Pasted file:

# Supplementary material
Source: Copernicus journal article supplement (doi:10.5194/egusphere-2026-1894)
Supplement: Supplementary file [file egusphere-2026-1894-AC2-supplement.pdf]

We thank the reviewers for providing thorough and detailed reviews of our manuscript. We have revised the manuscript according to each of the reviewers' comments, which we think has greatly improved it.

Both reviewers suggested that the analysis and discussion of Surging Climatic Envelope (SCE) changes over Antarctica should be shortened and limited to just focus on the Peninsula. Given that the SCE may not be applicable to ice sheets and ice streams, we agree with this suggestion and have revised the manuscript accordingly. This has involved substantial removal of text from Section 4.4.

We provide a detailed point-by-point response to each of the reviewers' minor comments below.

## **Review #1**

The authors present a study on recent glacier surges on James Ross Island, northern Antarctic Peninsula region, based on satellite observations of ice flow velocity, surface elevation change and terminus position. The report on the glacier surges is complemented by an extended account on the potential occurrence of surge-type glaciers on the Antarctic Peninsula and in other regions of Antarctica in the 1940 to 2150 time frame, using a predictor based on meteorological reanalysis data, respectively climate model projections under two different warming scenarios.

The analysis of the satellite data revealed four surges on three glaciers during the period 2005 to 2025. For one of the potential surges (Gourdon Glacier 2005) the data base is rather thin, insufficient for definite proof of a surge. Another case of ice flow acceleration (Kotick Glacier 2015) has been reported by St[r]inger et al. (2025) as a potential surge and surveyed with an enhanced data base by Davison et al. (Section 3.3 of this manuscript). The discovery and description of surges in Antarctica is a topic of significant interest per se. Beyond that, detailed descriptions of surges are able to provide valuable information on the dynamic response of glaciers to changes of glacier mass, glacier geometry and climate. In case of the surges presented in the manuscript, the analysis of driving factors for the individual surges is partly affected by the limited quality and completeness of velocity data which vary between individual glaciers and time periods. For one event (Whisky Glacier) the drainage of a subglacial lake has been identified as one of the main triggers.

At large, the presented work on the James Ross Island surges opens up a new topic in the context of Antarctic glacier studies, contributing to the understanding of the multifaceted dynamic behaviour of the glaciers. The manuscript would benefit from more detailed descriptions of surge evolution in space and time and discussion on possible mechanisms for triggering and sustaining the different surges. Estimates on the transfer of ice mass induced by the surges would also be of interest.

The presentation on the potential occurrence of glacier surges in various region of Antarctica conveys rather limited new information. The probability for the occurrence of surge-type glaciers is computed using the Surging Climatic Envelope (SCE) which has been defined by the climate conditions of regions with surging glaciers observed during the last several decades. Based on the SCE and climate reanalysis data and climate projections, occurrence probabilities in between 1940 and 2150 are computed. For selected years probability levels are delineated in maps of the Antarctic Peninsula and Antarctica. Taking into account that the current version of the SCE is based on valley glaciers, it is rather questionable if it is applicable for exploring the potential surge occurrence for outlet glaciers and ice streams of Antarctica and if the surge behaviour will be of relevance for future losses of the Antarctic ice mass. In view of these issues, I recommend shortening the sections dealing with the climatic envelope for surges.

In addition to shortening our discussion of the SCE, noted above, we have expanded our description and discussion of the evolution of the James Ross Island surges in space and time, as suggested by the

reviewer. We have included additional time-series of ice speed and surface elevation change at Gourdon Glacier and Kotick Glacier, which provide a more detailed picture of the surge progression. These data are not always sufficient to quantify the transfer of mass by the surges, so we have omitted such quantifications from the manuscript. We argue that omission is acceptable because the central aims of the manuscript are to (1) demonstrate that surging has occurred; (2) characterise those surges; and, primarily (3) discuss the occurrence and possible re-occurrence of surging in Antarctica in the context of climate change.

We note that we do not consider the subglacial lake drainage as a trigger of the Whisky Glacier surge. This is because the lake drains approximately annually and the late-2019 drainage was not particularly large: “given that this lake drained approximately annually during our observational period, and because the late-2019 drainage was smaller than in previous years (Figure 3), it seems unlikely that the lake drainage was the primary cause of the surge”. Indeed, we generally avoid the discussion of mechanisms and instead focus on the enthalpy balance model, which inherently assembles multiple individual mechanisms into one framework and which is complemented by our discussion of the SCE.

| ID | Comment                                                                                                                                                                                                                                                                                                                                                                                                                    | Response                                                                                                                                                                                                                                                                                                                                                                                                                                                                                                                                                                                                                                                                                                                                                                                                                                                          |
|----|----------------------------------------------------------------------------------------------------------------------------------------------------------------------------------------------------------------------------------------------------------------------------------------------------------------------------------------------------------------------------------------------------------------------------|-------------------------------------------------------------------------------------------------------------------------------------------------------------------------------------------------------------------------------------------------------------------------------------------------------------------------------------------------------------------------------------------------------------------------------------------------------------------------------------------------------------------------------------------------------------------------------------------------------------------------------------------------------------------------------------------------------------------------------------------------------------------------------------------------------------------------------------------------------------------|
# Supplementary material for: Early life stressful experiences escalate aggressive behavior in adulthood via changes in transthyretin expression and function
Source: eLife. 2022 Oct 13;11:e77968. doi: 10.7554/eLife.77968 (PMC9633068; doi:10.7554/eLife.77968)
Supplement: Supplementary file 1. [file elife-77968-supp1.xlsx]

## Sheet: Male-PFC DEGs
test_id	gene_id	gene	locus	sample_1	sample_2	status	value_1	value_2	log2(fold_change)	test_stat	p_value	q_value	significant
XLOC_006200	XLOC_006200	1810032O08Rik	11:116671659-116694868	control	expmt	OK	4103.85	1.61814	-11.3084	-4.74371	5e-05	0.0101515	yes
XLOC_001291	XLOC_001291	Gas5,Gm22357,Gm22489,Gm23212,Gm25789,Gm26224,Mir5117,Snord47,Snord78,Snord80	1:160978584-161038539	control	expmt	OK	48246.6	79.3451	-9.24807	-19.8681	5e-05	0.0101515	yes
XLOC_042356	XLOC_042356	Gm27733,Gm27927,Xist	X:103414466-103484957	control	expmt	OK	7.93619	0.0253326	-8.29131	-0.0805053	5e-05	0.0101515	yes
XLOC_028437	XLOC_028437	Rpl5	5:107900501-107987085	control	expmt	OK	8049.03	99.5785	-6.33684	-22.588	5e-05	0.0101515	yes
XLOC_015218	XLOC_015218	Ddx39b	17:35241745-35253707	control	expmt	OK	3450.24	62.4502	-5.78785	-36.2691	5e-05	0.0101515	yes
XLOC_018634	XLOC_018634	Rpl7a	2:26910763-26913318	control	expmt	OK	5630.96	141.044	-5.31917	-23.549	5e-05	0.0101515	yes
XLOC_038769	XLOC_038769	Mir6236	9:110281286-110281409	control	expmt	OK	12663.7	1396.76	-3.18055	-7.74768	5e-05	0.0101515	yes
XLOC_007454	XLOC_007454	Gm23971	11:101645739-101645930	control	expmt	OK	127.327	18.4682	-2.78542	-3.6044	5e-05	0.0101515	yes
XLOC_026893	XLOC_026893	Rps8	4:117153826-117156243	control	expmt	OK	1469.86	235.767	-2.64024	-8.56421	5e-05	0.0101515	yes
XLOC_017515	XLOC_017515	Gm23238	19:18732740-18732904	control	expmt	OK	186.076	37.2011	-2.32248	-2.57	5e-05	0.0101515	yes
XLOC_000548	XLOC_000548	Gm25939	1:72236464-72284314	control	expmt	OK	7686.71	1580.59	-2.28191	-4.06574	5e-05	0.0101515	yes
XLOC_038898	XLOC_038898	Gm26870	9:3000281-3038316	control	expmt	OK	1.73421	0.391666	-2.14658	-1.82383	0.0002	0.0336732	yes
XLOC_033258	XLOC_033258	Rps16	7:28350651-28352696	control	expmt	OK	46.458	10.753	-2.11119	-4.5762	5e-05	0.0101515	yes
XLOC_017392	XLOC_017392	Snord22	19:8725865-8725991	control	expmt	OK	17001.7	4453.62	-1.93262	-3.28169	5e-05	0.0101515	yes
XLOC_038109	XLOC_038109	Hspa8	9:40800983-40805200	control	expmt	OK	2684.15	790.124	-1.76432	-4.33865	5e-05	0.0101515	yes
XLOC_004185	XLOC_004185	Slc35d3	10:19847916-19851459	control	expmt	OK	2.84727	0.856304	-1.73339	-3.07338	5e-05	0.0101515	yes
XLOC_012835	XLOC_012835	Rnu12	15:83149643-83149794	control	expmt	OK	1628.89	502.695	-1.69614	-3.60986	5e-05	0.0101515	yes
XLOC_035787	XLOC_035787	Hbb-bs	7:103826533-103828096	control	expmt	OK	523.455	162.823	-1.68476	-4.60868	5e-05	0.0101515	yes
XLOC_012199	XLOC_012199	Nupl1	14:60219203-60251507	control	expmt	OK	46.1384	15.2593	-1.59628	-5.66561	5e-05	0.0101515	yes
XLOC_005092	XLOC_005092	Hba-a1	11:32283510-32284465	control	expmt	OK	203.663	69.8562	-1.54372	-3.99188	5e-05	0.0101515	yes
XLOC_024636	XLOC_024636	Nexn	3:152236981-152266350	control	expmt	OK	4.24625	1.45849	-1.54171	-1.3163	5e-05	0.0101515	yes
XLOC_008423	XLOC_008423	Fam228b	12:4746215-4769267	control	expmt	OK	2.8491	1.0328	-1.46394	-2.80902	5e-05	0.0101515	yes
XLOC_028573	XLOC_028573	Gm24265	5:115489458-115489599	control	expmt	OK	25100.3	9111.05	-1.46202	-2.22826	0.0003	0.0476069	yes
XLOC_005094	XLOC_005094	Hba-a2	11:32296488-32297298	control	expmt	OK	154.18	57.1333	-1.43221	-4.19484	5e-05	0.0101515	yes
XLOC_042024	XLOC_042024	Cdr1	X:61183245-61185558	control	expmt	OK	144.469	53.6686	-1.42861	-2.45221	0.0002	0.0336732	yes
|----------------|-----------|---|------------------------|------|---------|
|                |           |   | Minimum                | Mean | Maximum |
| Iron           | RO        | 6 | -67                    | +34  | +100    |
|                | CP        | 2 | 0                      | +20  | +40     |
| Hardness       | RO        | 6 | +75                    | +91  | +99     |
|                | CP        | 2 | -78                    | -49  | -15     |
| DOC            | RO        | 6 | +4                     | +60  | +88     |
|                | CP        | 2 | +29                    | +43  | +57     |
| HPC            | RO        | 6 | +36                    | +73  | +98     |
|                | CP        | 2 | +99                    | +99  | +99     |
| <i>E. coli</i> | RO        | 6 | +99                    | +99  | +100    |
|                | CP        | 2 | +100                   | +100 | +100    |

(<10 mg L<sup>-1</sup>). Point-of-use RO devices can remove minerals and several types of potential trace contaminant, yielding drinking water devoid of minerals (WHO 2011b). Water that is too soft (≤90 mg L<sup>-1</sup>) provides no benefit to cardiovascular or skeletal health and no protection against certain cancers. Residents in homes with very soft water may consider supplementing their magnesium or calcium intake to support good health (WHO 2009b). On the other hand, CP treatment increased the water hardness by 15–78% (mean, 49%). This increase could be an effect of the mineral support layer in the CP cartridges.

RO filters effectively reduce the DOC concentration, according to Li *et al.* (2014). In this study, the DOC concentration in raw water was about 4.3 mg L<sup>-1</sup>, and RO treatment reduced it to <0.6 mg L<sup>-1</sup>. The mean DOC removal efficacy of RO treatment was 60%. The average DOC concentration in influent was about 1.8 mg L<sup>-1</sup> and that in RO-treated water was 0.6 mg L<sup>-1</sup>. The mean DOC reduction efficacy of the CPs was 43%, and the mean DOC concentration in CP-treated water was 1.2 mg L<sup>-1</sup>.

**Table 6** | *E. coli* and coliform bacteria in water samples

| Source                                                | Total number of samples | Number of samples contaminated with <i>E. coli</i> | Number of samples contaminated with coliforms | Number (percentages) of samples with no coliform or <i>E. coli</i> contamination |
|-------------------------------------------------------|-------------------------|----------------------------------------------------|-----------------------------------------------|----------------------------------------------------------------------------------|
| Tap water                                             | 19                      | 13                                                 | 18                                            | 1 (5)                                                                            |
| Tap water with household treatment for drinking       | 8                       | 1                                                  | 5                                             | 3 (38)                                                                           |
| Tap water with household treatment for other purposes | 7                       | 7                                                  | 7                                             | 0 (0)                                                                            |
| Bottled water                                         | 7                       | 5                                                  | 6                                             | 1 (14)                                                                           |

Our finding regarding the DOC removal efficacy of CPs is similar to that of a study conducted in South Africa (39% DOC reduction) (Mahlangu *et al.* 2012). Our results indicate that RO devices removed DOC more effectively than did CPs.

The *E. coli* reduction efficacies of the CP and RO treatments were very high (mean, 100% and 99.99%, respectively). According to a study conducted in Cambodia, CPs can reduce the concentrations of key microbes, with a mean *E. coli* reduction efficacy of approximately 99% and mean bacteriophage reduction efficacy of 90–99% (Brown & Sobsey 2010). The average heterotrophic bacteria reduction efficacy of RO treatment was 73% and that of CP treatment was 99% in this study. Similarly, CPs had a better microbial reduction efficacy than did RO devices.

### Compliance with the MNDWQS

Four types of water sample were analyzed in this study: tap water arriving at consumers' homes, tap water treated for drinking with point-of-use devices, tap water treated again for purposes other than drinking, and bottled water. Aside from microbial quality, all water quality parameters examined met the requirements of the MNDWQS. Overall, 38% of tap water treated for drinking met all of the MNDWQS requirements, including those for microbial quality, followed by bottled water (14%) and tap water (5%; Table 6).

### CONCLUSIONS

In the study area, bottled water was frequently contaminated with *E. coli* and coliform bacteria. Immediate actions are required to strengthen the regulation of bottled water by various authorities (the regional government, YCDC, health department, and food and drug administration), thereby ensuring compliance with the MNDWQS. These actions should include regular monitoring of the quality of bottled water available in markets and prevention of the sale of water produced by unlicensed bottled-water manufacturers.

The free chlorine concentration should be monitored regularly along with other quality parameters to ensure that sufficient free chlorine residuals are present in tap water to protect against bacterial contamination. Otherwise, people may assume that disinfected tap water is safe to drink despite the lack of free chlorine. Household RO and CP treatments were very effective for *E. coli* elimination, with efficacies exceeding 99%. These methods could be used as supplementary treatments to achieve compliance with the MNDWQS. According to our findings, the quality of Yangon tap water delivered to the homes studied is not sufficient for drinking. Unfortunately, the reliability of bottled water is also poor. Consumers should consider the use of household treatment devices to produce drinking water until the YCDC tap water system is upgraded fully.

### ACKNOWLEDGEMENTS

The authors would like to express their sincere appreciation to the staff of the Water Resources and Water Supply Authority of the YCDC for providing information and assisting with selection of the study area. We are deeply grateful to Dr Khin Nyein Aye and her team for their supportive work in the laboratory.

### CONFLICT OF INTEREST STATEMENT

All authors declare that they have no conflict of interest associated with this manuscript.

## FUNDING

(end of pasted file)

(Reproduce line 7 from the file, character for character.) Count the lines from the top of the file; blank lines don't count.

## **Review #1**